An article in the New York Times read, “In an age of job hopping, a perk to reward loyalty-sabbaticals for those with five years or more on the job-is taking on increased importance.”
“Though the academic world initiated sabbatical programs, they have been embraced by the government and the private sector, including companies as varied as McDonald’s, Nike, Boston Consulting, Goldman Sachs and Silicon Graphics as well as law and accounting firms. Some companies restrict time off to educational forays and charitable projects, while others encourage everything from beachcombing, family time and travel.”
As a pastor you know that the concept of the sabbatical goes back to the Hebrew verb shabbath, meaning “to rest from labour,” the day of rest. Out of the sabbatical came the sabbatical year.
“But in the 7th year thou shalt let it rest” (literally, “thou shalt release it”) implying that the land was entitled to a rest because it needed it; it must be released for a time in order to gain fresh strength and ensure its future fertility. Leviticus 25:4 (KJV)
It is interesting to note that in the description of the Sabbatical Year, Easton’s Bible Dictionary makes the statement, “There is little notice of the observance of this year in Biblical history. It appears to have been much neglected.”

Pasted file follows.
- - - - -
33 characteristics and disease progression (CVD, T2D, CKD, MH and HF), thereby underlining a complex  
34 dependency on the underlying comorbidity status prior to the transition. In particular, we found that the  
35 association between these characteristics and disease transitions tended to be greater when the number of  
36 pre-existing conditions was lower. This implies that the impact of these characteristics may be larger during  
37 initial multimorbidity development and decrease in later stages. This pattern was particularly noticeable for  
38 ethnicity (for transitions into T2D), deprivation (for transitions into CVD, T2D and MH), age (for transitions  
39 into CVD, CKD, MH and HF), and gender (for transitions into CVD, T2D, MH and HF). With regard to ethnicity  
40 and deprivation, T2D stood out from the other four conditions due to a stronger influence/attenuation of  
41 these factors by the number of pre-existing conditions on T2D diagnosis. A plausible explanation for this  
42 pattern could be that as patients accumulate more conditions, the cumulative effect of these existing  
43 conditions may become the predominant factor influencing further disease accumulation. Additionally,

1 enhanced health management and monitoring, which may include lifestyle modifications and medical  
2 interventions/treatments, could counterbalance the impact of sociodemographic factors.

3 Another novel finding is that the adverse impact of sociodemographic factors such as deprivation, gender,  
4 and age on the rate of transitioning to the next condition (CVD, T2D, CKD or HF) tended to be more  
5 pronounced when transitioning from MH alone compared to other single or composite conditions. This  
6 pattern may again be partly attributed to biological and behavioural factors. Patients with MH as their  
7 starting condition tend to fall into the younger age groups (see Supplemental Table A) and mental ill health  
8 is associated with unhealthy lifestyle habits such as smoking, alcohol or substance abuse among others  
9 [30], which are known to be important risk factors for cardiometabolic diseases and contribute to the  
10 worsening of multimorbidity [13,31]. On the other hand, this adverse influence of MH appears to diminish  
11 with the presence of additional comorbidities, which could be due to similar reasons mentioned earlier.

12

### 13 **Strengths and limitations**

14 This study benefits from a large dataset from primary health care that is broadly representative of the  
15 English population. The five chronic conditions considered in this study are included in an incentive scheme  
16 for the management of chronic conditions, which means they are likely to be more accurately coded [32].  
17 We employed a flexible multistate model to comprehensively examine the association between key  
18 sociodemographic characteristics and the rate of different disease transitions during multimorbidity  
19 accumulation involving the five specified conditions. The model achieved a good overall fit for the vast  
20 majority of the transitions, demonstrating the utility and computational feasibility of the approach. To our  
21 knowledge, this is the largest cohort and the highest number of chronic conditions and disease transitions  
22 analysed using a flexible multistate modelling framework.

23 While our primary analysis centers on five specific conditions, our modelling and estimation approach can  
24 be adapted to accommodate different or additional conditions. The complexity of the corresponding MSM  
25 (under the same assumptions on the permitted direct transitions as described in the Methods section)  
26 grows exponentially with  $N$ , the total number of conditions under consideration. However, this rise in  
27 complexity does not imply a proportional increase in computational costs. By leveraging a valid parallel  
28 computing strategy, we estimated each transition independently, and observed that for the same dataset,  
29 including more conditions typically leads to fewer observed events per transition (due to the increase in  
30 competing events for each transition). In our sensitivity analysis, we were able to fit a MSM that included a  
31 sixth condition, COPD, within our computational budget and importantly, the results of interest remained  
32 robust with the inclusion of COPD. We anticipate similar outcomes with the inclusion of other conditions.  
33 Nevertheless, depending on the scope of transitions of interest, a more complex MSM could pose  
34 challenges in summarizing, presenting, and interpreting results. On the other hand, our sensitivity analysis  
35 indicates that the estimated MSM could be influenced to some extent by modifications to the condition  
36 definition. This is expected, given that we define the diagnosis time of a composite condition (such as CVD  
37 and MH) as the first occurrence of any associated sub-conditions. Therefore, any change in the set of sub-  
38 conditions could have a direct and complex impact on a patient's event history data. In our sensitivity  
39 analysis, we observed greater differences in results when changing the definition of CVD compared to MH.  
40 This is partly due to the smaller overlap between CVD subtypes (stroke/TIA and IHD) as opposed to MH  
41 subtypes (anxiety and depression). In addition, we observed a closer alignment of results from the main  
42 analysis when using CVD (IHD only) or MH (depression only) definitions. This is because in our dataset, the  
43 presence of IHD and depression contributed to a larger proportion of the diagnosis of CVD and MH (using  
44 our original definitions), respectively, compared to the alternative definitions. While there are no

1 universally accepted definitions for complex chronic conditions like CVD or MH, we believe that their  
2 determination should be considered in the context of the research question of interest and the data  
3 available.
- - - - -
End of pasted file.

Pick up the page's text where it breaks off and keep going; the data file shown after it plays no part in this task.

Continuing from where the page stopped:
That is a little like all of us who make little notice of the observation of Sabbath when it comes to what we do on Sunday. But that is for another issue.
I’m writing to you about Sabbath because you are beginning one of the busiest times of the year for pastors. In the last issue I suggested that you take a little time to refresh yourself both physically and spiritually. Now if you’re honest with me, you’ll admit that you didn’t take my advice. So knowing that would be the case I’m suggesting that after all the dust settles and the New Year has begun that you take a little rest.
I’m sure you’ve forgotten the verse in Hebrews that says, “There remains, then, a Sabbath-rest for the people of God; for anyone who enters God’s rest also rests from his own work, just as God did from his. Let us, therefore, make every effort to enter that rest, so that no one will fall by following their example of disobedience.” Hebrews 4:9-11 (NIV)
That charge couldn’t be any clearer-anyone who enters God’s rest also rests from his (her) own work. And you didn’t think you had the Biblical right to rest. While there it is in black and white. Make every effort to enter that rest.
When pastors come to us burned out it is obvious that they have not adhered to that direction from the Bible. They have not “entered that rest,” and as the verse goes on to say the reason for this charge is “so that no one will fall.” Not resting is disobedience.
If you disobey and don’t rest, QuietWaters will be here to help you be renewed, restored, and strengthened. However, I would prefer to have you rest.